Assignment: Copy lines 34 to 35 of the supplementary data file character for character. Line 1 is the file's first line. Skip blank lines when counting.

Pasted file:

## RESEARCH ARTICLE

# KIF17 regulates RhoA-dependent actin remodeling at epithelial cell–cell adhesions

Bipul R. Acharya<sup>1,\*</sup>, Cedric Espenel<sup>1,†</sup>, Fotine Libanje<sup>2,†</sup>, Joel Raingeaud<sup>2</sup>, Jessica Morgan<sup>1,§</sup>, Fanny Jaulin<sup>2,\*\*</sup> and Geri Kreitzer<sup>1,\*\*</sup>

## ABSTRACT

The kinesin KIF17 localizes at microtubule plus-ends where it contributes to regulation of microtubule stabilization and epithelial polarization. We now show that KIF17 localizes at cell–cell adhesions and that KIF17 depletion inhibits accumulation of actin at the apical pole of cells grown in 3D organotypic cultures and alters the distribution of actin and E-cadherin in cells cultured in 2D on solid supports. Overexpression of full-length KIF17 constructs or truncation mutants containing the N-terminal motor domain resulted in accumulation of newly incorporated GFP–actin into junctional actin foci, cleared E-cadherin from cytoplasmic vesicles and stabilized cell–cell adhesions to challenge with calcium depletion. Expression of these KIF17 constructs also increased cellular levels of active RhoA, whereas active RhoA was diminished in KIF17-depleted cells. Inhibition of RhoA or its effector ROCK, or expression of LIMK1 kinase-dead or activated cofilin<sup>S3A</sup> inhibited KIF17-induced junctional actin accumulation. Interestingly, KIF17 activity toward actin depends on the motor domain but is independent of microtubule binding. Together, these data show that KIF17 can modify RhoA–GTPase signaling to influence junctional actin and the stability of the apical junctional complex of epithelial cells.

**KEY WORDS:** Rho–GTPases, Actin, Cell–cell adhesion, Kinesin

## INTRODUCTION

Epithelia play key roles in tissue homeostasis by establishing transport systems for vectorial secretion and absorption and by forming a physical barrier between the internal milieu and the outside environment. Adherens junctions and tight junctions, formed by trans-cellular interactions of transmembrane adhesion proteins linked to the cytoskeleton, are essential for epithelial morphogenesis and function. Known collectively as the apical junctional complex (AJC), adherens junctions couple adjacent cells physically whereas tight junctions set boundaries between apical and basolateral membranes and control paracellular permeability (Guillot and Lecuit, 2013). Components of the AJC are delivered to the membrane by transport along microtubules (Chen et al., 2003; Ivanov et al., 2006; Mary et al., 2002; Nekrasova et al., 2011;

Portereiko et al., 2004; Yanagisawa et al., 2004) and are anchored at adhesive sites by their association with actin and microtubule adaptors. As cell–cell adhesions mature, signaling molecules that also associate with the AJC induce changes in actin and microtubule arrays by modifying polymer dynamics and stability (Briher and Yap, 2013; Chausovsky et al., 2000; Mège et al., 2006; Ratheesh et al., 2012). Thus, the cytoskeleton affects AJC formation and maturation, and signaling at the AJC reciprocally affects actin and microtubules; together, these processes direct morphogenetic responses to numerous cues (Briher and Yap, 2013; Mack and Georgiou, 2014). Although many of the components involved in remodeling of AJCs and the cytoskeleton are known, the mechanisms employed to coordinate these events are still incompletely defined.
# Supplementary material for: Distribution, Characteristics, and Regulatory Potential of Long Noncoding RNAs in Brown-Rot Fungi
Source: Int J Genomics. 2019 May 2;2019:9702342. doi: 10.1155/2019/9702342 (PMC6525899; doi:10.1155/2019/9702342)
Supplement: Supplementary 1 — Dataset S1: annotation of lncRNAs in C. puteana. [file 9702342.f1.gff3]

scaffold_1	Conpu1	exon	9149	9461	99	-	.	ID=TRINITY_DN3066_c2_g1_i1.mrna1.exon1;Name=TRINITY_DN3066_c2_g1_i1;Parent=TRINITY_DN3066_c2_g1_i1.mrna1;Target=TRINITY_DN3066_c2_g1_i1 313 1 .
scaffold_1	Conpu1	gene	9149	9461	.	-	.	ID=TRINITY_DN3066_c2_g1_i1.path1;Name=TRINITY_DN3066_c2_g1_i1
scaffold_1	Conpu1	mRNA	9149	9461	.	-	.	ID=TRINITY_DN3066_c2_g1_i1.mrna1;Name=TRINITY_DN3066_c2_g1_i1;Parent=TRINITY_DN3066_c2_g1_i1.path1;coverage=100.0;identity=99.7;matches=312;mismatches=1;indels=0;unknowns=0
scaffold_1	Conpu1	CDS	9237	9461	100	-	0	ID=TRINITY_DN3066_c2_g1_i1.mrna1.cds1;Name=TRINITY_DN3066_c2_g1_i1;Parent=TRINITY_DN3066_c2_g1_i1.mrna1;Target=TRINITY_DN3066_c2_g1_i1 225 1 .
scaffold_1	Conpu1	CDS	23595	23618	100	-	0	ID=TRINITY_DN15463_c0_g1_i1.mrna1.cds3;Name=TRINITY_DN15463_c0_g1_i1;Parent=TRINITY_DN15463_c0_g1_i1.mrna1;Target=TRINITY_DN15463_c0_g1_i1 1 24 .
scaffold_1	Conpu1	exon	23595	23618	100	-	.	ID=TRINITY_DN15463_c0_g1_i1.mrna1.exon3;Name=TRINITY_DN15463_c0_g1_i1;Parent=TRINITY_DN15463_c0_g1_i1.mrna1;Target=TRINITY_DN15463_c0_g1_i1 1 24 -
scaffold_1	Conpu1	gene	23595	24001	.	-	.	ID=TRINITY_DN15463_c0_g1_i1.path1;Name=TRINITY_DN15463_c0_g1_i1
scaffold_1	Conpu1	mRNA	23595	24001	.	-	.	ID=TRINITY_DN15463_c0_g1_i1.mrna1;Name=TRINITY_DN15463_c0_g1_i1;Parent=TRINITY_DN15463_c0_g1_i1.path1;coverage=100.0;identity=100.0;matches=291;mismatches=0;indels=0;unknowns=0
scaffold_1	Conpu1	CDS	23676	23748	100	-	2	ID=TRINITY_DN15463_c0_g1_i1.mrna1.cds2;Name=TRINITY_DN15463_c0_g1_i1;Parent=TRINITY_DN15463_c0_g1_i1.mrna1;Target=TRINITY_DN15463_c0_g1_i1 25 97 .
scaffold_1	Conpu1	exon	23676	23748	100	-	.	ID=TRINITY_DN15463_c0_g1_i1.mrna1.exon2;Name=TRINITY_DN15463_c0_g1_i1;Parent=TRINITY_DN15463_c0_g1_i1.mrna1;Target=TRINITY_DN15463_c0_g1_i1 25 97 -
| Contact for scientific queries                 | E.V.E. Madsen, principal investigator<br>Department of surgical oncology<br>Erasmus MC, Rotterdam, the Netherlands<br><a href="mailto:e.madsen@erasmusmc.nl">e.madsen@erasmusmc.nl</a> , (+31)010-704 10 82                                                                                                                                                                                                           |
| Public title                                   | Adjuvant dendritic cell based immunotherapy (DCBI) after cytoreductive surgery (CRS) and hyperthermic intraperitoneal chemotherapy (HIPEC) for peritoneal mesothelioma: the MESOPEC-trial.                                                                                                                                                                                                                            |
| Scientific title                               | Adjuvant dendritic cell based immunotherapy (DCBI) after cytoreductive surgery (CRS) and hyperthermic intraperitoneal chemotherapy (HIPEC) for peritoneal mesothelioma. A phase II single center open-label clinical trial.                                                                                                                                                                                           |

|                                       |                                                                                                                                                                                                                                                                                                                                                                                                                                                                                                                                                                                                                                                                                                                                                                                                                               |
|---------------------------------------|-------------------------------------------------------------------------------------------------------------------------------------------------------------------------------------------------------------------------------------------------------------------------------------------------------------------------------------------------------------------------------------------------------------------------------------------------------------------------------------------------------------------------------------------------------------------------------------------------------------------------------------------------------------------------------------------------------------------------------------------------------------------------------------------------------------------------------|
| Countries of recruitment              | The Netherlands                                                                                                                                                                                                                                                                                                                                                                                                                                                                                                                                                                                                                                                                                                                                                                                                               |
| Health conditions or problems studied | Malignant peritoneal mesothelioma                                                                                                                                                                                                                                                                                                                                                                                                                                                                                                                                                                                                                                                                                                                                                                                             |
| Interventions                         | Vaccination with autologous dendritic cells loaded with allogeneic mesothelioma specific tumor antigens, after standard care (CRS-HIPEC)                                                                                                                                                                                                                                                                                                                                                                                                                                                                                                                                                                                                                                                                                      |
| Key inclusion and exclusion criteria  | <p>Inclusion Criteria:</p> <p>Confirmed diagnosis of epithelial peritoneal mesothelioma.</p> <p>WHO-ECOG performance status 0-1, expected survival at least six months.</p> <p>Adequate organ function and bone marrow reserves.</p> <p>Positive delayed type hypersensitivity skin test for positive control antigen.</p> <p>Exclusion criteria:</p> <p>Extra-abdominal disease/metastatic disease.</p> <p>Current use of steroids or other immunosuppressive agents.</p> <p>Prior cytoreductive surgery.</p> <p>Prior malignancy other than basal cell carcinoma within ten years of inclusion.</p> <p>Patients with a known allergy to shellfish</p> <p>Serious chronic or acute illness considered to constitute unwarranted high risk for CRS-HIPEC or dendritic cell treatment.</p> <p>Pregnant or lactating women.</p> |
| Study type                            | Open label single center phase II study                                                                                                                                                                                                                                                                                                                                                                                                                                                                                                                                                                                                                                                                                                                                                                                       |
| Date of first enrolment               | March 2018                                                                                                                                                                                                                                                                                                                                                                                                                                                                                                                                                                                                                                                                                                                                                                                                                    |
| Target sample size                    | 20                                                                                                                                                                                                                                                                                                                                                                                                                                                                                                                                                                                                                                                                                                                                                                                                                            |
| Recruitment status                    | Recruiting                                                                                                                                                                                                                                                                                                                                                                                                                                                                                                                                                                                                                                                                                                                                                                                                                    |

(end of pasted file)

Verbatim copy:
| Target sample size                    | 20                                                                                                                                                                                                                                                                                                                                                                                                                                                                                                                                                                                                                                                                                                                                                                                                                            |
| Recruitment status                    | Recruiting                                                                                                                                                                                                                                                                                                                                                                                                                                                                                                                                                                                                                                                                                                                                                                                                                    |